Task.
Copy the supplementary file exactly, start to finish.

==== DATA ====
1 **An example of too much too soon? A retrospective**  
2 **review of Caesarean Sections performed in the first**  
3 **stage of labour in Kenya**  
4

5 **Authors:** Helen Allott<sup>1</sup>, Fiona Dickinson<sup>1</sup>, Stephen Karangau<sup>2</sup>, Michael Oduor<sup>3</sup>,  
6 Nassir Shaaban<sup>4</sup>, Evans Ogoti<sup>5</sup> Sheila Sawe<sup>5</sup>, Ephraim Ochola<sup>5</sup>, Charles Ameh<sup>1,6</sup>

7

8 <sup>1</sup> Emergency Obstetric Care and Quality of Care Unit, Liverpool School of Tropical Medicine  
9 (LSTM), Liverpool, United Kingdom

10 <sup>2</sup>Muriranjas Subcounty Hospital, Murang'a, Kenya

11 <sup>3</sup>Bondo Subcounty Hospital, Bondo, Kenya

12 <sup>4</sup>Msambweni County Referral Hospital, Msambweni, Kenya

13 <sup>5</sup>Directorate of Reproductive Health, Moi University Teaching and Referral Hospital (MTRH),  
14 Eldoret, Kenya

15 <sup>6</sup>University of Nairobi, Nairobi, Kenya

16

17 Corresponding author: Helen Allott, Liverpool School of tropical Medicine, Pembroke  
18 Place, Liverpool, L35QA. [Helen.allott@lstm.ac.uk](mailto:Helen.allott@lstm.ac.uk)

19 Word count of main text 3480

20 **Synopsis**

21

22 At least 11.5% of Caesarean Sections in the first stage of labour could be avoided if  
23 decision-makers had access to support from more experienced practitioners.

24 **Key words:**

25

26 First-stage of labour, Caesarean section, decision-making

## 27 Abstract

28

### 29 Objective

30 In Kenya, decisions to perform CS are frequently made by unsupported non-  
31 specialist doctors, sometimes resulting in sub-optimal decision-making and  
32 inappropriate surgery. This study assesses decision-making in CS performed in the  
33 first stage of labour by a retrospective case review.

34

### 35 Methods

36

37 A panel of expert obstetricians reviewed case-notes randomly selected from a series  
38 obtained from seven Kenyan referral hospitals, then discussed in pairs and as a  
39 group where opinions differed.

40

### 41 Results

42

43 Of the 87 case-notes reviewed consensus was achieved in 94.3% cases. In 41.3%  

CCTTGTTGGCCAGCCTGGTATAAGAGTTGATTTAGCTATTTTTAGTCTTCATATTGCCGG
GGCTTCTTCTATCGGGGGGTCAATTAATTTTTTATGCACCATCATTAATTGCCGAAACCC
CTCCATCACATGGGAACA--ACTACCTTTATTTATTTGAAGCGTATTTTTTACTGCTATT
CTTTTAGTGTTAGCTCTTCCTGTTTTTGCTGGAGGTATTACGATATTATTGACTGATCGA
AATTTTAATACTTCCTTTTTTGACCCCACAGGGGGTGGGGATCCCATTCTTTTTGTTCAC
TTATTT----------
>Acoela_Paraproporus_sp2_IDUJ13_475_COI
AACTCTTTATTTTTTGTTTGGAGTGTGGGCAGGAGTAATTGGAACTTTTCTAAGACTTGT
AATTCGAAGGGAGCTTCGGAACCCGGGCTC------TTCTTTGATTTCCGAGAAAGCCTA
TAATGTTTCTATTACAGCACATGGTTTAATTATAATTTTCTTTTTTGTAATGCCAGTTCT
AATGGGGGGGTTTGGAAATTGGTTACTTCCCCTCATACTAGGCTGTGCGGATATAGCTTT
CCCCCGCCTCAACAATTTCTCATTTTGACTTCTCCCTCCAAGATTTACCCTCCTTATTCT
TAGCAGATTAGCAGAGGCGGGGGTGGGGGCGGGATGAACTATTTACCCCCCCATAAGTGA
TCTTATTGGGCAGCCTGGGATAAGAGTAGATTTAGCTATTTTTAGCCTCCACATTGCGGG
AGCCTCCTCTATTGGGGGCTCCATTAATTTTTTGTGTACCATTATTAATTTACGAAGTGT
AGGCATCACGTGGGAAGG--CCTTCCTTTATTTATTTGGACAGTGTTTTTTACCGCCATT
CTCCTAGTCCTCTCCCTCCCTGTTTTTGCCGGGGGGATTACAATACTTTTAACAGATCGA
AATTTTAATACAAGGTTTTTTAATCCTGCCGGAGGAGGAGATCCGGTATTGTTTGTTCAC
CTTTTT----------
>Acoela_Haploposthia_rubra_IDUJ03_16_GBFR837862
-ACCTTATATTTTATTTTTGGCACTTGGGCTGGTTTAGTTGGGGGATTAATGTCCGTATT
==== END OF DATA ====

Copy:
1 **An example of too much too soon? A retrospective**  
2 **review of Caesarean Sections performed in the first**  
3 **stage of labour in Kenya**  
4

5 **Authors:** Helen Allott<sup>1</sup>, Fiona Dickinson<sup>1</sup>, Stephen Karangau<sup>2</sup>, Michael Oduor<sup>3</sup>,  
6 Nassir Shaaban<sup>4</sup>, Evans Ogoti<sup>5</sup> Sheila Sawe<sup>5</sup>, Ephraim Ochola<sup>5</sup>, Charles Ameh<sup>1,6</sup>

7

8 <sup>1</sup> Emergency Obstetric Care and Quality of Care Unit, Liverpool School of Tropical Medicine  
9 (LSTM), Liverpool, United Kingdom

10 <sup>2</sup>Muriranjas Subcounty Hospital, Murang'a, Kenya

11 <sup>3</sup>Bondo Subcounty Hospital, Bondo, Kenya

12 <sup>4</sup>Msambweni County Referral Hospital, Msambweni, Kenya

13 <sup>5</sup>Directorate of Reproductive Health, Moi University Teaching and Referral Hospital (MTRH),  
14 Eldoret, Kenya

15 <sup>6</sup>University of Nairobi, Nairobi, Kenya

16

17 Corresponding author: Helen Allott, Liverpool School of tropical Medicine, Pembroke  
18 Place, Liverpool, L35QA. [Helen.allott@lstm.ac.uk](mailto:Helen.allott@lstm.ac.uk)

19 Word count of main text 3480

20 **Synopsis**

21

22 At least 11.5% of Caesarean Sections in the first stage of labour could be avoided if  
23 decision-makers had access to support from more experienced practitioners.

24 **Key words:**

25

26 First-stage of labour, Caesarean section, decision-making

## 27 Abstract

28

### 29 Objective

30 In Kenya, decisions to perform CS are frequently made by unsupported non-  
31 specialist doctors, sometimes resulting in sub-optimal decision-making and  
32 inappropriate surgery. This study assesses decision-making in CS performed in the  
33 first stage of labour by a retrospective case review.

34

### 35 Methods

36

37 A panel of expert obstetricians reviewed case-notes randomly selected from a series  
38 obtained from seven Kenyan referral hospitals, then discussed in pairs and as a  
39 group where opinions differed.

40

### 41 Results

42

43 Of the 87 case-notes reviewed consensus was achieved in 94.3% cases. In 41.3%  

CCTTGTTGGCCAGCCTGGTATAAGAGTTGATTTAGCTATTTTTAGTCTTCATATTGCCGG
GGCTTCTTCTATCGGGGGGTCAATTAATTTTTTATGCACCATCATTAATTGCCGAAACCC
CTCCATCACATGGGAACA--ACTACCTTTATTTATTTGAAGCGTATTTTTTACTGCTATT
CTTTTAGTGTTAGCTCTTCCTGTTTTTGCTGGAGGTATTACGATATTATTGACTGATCGA
AATTTTAATACTTCCTTTTTTGACCCCACAGGGGGTGGGGATCCCATTCTTTTTGTTCAC
TTATTT----------
>Acoela_Paraproporus_sp2_IDUJ13_475_COI
AACTCTTTATTTTTTGTTTGGAGTGTGGGCAGGAGTAATTGGAACTTTTCTAAGACTTGT
AATTCGAAGGGAGCTTCGGAACCCGGGCTC------TTCTTTGATTTCCGAGAAAGCCTA
TAATGTTTCTATTACAGCACATGGTTTAATTATAATTTTCTTTTTTGTAATGCCAGTTCT
AATGGGGGGGTTTGGAAATTGGTTACTTCCCCTCATACTAGGCTGTGCGGATATAGCTTT
CCCCCGCCTCAACAATTTCTCATTTTGACTTCTCCCTCCAAGATTTACCCTCCTTATTCT
TAGCAGATTAGCAGAGGCGGGGGTGGGGGCGGGATGAACTATTTACCCCCCCATAAGTGA
TCTTATTGGGCAGCCTGGGATAAGAGTAGATTTAGCTATTTTTAGCCTCCACATTGCGGG
AGCCTCCTCTATTGGGGGCTCCATTAATTTTTTGTGTACCATTATTAATTTACGAAGTGT
AGGCATCACGTGGGAAGG--CCTTCCTTTATTTATTTGGACAGTGTTTTTTACCGCCATT
CTCCTAGTCCTCTCCCTCCCTGTTTTTGCCGGGGGGATTACAATACTTTTAACAGATCGA
AATTTTAATACAAGGTTTTTTAATCCTGCCGGAGGAGGAGATCCGGTATTGTTTGTTCAC
CTTTTT----------
>Acoela_Haploposthia_rubra_IDUJ03_16_GBFR837862
-ACCTTATATTTTATTTTTGGCACTTGGGCTGGTTTAGTTGGGGGATTAATGTCCGTATT